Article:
Teboe, after graduation, began working at the Sears store and office building at Lake Street and Chicago Avenue in Minneapolis. Her job was to read complaint letters from customers and write back responses.
“It was a good starting job,” she said. “Help was hard to get (because of so many being either in the military or working in military industries). Anyone could get a job.”
After 2 1/2 years at the Sears job, Teboe moved to Seattle to begin what would be a short stint for the Army Signal Corps. After a week on the job, the war ended, she said. She stayed on for four more months “to close up the place,” and then transferred to a job in Seattle with the Federal Housing Administration. She worked there until either 1947 or ‘48, she said, and then returned to Minneapolis to work for the FHA office there for a while.
Teboe moved to California in 1951, where she worked for Pacific Gas & Electric in San Francisco five to six years. Her job was secretary to Charles M. Coleman, who she said was writing a book on the history of PG&E, and her part in that was to type and proofread.
She worked at PG&E five years until she had daughter Julie, the first of her two children. Two years later she had son Dan, and later divorced. Her next move was to Sacramento because she had a sister there, she said. She worked for a certified public accountant for six years and then returned to Minnesota, settling back into Princeton. She worked the next 23 years at Princeton State Bank, now Bremer.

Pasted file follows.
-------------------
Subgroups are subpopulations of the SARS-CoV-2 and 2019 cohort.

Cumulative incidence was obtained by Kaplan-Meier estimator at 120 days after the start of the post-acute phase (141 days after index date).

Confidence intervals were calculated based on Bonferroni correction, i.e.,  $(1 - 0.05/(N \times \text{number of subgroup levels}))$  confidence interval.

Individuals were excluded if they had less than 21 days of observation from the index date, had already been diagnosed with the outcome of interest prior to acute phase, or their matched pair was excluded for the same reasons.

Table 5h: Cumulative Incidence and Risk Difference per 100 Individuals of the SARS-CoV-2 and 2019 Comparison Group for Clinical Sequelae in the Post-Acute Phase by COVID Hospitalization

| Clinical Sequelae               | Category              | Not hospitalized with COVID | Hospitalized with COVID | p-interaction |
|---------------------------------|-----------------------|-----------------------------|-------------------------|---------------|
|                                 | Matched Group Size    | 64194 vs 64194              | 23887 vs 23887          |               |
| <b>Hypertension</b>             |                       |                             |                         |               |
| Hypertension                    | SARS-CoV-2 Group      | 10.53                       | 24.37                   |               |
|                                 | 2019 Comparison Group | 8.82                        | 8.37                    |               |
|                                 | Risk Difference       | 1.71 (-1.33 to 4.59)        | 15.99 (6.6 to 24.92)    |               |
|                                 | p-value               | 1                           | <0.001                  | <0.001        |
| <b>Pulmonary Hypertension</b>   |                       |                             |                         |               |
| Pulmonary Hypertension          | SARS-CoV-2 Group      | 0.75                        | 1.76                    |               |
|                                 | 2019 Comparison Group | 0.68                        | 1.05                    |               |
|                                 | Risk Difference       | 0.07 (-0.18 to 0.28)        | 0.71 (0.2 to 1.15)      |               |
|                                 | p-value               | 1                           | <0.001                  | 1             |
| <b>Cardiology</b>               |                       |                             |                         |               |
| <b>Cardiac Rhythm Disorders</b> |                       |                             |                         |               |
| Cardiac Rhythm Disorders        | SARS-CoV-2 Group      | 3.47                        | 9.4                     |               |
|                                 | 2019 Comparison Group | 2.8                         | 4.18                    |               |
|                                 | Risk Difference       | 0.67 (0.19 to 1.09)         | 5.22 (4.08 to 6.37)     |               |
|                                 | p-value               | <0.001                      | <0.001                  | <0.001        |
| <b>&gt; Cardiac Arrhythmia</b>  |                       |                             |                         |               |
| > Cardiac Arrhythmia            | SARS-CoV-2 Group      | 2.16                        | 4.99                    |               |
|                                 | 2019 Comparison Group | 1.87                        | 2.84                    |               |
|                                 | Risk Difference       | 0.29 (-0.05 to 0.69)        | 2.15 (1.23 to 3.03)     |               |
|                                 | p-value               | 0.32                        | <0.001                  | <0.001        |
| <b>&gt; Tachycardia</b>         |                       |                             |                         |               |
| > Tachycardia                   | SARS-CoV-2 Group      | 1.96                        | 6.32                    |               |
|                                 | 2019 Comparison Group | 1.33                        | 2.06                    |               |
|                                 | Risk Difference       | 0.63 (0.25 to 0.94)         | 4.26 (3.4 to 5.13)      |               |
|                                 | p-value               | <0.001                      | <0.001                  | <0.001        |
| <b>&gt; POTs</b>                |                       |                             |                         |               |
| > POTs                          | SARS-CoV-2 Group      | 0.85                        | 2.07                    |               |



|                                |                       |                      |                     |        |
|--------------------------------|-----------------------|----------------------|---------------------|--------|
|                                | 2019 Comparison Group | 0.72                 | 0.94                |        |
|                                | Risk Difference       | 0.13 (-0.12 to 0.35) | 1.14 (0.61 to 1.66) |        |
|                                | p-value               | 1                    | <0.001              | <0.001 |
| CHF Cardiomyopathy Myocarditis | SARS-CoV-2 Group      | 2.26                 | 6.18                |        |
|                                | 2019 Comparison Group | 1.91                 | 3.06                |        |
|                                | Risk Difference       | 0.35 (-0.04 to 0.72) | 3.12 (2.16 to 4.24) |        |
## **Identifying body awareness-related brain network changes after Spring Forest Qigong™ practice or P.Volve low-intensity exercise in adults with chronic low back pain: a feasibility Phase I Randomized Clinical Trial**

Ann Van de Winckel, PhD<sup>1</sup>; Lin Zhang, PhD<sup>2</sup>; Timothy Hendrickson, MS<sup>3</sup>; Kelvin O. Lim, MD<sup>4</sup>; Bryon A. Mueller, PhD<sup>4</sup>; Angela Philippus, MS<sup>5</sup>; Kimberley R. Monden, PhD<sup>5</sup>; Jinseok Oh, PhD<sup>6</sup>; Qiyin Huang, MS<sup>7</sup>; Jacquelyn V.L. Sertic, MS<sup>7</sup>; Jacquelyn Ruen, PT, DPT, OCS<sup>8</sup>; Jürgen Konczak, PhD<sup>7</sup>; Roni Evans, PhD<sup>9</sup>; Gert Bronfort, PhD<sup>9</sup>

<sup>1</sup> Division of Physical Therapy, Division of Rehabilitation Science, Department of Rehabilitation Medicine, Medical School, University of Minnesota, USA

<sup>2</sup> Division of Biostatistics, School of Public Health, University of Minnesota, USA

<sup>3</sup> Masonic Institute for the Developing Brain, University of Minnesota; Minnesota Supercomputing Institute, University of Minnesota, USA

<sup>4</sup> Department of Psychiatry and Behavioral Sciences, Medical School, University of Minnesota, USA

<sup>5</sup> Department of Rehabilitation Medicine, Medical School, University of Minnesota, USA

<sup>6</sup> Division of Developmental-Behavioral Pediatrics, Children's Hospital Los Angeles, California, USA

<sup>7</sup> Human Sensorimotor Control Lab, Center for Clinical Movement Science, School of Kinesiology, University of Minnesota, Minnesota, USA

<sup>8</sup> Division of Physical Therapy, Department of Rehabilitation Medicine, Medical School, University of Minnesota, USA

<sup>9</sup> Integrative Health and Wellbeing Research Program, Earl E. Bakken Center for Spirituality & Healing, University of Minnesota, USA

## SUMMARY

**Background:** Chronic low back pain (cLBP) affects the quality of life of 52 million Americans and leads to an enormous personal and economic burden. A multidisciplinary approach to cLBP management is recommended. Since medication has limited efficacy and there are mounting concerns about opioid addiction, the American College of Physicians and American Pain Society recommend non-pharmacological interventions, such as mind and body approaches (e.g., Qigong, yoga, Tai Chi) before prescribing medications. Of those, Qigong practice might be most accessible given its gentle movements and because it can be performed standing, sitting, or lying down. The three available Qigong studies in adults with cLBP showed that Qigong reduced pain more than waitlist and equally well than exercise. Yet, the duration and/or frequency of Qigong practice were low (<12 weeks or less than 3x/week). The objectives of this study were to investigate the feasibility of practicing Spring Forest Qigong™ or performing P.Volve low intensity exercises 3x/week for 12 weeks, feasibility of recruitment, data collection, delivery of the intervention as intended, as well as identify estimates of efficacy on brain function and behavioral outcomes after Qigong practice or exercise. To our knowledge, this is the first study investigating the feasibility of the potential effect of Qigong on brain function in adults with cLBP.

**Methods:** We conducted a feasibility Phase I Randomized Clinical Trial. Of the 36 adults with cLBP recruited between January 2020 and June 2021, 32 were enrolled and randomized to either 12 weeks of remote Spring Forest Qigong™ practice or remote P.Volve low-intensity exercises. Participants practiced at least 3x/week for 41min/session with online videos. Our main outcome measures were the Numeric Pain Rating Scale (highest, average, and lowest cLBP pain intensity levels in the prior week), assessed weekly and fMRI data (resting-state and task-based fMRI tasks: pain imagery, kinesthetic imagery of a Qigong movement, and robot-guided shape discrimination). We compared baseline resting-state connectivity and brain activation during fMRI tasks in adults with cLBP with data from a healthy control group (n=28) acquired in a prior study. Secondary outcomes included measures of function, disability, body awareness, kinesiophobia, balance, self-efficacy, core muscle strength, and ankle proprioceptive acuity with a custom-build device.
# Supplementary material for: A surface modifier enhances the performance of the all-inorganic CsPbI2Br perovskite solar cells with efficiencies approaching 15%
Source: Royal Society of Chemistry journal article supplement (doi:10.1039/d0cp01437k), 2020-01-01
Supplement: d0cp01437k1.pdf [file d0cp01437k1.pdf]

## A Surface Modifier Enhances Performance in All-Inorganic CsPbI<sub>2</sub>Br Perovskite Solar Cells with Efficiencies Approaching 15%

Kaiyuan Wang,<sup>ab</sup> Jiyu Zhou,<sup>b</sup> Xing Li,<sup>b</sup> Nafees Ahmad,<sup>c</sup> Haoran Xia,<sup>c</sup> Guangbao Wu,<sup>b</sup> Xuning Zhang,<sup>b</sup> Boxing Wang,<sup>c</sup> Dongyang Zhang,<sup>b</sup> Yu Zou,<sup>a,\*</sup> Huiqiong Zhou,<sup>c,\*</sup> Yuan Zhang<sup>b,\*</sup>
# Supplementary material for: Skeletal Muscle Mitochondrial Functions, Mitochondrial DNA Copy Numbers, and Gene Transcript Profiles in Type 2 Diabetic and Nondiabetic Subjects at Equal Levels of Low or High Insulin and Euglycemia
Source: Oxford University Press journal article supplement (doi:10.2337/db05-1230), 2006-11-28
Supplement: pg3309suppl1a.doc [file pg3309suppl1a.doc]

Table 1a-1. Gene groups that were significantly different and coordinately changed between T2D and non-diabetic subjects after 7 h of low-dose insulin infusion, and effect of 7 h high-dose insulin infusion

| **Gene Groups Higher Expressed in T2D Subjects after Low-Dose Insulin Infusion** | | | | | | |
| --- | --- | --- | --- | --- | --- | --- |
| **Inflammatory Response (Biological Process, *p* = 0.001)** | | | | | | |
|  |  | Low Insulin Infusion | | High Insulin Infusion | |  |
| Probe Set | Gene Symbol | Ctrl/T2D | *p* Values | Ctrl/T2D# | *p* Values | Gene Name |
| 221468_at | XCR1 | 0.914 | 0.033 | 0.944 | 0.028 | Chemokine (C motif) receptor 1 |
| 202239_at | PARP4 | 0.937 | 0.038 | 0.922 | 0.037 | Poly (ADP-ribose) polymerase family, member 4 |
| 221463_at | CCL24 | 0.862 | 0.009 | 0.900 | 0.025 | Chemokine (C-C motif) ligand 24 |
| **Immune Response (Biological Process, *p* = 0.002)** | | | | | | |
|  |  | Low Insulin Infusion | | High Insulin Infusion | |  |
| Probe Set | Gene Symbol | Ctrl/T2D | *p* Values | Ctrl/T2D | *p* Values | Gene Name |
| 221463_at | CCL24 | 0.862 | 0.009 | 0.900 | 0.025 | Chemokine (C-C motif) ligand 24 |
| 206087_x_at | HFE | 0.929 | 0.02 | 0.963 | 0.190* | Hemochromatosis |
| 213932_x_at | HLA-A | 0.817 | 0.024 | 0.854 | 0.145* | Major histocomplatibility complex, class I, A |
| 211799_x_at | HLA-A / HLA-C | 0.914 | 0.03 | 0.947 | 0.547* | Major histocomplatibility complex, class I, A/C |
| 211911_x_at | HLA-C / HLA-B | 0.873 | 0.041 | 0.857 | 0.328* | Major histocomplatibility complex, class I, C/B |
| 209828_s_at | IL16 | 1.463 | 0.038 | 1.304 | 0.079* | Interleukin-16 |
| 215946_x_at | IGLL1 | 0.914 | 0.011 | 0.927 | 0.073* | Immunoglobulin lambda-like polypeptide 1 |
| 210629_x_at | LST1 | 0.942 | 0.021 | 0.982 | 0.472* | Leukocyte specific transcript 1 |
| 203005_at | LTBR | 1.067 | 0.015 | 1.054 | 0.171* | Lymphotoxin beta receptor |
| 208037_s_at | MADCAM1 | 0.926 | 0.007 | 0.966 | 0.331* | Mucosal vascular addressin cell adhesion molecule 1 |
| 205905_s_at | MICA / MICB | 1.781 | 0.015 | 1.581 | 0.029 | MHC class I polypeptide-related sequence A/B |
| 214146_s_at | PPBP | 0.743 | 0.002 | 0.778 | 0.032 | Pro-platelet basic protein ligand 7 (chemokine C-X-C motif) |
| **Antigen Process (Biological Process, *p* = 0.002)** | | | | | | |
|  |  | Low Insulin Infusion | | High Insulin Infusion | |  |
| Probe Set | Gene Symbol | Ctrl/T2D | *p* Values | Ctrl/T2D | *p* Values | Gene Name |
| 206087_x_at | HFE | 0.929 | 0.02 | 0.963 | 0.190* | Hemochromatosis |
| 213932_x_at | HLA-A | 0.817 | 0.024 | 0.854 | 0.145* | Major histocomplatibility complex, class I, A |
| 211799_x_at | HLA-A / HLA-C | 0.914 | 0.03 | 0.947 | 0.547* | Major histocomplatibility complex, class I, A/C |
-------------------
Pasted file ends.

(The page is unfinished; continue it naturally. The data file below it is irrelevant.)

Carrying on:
She took one more job after that, for which she was affectionately known as “Grandmother Ruth.” Her job was being a foster grandmother for 10 years, assisting in remedial reading instruction at North Elementary.
Retired since 1988, the 87-year-old Teboe reflected on having graduated in 1943.
“I can’t believe we lived that long,” she said. Of course the “we” consists of fewer class members now. “Thirty-four we know for sure have passed away,” she said of her classmates.
Teboe has been sending out postcards each year in advance of class reunions to gauge a classmate’s interest in a reunion, and said that if a postcard is not returned, she assumes the person is dead.
Out of her classmates still living, four of them felt the 70th reunion was important enough to come some distance. Two live in Illinois, one in Georgia and one in Colorado. The two in Illinois are  classmates Kenneth Amdall and Betty Umberhocker, who are married to each other.
Umberhocker wrote for the class’s 50th reunion booklet that she and Amdall explored for gas and oil for 14 years and moved more than 30 times, seeing much of the United States while young. He became a paper maker and she a nursing instructor. As of that writing, the couple called Chicago their home, and they played bridge, square danced, bicycled, cross-country skied, fished and became officers in organizations. Amdall was also using his law degree to do legal work in trusts, estates and wills. Umberhocker at the time was gathering information for the U.S. Census Bureau.
Teboe was asked if she found any surprises in attending the 70th class reunion.
“Some of them have changed so much, while some have not changed at all, other than aging,” she answered.